NAIROBI, Kenya, May 4 – The Nairobi County Government is urging Kenyans wishing to bury their kin in Nairobi to consider cremation as an option, as it is less expensive.
Health County Executive Hitan Majevda told Capital FM News that the cost of cremation ranges from Sh13,000 for adults and Sh6,000 for children.
“We are not calling for cremation but we are recommending. We do not force anybody to cremate because it is a very sensitive thing. We are recommending because it is very economical. There are no costs. Do you know How many funeral committees for people that I attend and how much money people collect during harrambees? When they are alive you don’t give them a penny,” he observed.
He stated that other than save the costs, it also takes up less space.
“Land is expensive. In Nairobi the county does not have space anymore. Lang’ata is full and we have no space for burial. So cremation for us is the only option as a county because we have no space. The Cost of cremation is Sh13,000 for an adult while for a child it is Sh6,000,” he explained.“The few burials you see in Lang’ata occasionally are spaces squeezed between two graves or they are temporary graves. Once the body has decomposed, you can use that space.”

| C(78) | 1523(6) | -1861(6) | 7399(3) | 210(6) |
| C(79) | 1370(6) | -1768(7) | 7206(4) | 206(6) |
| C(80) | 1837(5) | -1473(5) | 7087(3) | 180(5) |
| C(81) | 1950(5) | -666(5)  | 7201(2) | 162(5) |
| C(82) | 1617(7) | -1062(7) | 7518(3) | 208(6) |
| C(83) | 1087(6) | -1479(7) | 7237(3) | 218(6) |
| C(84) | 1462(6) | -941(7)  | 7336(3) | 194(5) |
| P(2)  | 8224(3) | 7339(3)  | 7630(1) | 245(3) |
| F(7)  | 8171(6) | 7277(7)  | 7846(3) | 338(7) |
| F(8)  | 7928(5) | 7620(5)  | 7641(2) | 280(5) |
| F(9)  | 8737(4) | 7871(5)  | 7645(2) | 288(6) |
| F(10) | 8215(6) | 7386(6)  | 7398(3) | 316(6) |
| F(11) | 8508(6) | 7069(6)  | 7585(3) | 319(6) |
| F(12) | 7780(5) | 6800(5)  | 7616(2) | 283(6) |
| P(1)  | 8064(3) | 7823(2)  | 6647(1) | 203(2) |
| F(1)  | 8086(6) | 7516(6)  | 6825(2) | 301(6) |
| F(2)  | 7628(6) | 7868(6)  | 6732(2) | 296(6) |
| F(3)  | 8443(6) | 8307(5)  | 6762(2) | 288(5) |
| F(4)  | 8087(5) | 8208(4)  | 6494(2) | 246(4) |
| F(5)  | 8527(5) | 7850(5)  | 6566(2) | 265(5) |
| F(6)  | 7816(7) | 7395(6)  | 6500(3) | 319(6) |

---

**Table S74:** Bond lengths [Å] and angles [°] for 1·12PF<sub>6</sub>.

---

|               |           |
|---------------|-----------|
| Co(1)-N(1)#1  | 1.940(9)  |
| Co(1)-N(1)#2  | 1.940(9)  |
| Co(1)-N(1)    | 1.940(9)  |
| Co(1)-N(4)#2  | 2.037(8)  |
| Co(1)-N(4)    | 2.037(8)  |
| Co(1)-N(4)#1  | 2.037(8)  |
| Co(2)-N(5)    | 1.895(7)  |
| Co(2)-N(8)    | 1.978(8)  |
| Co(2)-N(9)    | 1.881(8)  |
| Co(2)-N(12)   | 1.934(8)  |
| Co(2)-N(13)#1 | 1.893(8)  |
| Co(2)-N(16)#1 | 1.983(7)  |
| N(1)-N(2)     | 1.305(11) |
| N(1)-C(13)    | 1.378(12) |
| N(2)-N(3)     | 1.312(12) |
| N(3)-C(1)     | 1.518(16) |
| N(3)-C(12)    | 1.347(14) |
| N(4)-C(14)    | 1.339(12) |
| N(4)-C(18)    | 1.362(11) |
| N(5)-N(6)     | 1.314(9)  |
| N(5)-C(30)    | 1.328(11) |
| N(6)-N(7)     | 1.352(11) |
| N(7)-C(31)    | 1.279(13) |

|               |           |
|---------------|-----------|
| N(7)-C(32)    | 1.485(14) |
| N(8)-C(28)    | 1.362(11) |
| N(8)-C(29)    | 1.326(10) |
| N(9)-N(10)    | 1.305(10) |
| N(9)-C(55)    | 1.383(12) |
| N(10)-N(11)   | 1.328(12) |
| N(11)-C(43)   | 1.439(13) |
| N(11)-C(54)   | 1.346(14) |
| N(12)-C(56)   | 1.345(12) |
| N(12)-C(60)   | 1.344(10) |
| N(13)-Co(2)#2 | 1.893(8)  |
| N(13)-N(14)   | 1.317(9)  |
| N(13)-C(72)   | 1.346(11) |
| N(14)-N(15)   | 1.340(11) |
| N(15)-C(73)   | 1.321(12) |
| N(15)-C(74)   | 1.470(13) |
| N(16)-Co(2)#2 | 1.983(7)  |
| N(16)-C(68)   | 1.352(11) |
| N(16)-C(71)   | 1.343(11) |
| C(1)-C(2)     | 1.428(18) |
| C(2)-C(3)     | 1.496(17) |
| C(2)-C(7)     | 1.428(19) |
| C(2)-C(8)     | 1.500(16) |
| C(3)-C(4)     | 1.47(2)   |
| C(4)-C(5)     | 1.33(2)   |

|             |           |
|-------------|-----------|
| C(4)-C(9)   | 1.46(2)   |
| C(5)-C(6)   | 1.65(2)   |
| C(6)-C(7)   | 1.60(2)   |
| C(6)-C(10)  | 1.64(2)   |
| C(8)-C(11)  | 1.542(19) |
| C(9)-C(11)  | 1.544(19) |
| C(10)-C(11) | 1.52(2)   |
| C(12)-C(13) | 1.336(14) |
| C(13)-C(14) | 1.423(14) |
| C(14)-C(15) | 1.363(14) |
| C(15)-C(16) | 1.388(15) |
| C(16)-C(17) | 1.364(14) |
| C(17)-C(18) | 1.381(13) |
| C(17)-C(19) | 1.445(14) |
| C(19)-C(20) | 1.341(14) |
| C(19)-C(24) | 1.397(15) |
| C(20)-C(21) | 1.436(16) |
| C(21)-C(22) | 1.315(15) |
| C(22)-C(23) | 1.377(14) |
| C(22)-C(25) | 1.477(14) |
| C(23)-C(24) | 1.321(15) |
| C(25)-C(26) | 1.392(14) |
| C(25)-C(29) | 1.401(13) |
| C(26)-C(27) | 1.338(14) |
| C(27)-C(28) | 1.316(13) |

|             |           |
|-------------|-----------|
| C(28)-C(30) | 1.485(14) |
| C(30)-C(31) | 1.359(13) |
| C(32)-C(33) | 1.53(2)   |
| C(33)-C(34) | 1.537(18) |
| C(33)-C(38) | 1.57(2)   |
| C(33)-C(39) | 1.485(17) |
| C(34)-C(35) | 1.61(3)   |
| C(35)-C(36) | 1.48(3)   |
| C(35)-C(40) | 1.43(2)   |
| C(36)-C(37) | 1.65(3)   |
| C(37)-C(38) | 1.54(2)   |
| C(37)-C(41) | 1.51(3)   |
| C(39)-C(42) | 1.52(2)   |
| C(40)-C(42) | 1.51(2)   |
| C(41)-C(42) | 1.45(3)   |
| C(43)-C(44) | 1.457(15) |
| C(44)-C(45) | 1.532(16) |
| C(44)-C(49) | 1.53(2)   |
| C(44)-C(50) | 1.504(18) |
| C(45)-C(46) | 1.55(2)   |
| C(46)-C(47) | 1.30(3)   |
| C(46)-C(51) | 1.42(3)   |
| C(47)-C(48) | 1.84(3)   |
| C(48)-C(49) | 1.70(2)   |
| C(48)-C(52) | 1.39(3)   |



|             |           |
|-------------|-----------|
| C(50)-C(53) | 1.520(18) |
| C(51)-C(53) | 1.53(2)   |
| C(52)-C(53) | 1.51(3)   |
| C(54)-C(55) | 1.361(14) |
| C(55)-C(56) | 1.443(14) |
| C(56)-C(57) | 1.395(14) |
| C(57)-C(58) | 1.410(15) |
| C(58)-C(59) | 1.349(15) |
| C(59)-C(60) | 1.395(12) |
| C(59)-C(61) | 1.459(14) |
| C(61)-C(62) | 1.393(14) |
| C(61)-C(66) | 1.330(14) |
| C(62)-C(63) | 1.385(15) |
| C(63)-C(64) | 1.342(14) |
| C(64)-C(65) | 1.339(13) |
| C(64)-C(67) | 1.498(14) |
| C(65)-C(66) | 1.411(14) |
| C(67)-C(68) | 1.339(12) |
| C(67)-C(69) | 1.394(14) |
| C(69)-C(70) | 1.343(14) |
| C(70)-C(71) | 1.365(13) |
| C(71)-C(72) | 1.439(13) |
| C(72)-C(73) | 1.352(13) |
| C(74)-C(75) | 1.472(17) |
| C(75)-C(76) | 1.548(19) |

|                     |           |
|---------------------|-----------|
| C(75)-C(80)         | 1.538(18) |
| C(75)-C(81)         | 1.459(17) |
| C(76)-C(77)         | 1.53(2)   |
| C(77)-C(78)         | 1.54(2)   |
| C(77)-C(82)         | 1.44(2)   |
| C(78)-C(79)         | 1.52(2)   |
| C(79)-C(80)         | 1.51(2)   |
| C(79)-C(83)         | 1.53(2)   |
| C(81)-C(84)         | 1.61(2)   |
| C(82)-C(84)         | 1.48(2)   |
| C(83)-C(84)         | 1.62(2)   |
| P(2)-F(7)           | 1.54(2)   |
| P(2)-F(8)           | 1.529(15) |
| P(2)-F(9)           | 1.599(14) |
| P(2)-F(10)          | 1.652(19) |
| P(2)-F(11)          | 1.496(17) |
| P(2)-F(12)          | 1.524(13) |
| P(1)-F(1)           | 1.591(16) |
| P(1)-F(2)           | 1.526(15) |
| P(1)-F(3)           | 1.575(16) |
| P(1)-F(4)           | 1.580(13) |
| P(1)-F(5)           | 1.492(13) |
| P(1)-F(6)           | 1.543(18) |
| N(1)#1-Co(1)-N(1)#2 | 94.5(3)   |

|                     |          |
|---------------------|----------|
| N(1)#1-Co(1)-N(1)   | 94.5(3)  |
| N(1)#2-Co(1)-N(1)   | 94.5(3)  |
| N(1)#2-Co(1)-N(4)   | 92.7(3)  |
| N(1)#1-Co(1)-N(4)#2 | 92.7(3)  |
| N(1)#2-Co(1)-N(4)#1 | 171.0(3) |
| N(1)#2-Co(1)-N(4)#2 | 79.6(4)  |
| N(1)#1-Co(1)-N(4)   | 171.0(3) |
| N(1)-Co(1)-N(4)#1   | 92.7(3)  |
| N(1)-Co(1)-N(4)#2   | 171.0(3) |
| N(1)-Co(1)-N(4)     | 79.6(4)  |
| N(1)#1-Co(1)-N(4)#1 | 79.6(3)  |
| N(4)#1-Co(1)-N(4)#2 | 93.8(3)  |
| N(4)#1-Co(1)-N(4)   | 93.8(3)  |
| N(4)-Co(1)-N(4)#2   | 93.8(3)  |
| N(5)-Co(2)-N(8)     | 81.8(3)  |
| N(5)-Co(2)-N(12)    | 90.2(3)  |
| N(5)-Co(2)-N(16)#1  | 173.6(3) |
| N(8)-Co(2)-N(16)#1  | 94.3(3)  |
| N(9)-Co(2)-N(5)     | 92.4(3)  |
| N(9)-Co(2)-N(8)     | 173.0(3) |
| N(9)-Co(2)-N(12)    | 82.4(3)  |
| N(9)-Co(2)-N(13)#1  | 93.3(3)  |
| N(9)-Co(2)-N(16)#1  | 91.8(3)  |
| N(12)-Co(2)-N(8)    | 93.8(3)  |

He reiterated that cremation is not a policy in the county’s by laws but just a recommendation.
‘It is not a policy that you should go and cremate. it is optional but it is encouragement and you should learn from what the late Kenneth Matiba and Wangari Maathai did. It is a very simple process. Like the one we have at the county, there is an incinerator. The coffin goes in and once you press the button, it lights up,” he said.
He went further to outline the process of cremation which he stated saves grieving families a lot of hustle.
“Depending of the size of the body and the material of the coffin, it takes from four to ten hours for the entire process. The next day, the family collects the ashes in an urn and its weight is less than a kilo. Then it is interred depending on the wishes of the family,” he stated.
He stressed the need for families to honestly think about the process as it is currently being embraced by many prominent Kenyans.
“The choice is theirs. We are not imposing on anyone, we are not forcing anyone. Those who want to bury can continue with what they are doing but this is an option they have now. So many respected people are going for this option not onmly in Kenya but also in the world so we should discuss it openly,” he stated.
“Think of the families who get traumatized upon the death of a loved one, how much money they spend in burial. That money can be used for a good cause elsewhere. Personally I think it is an unnecessary expense.”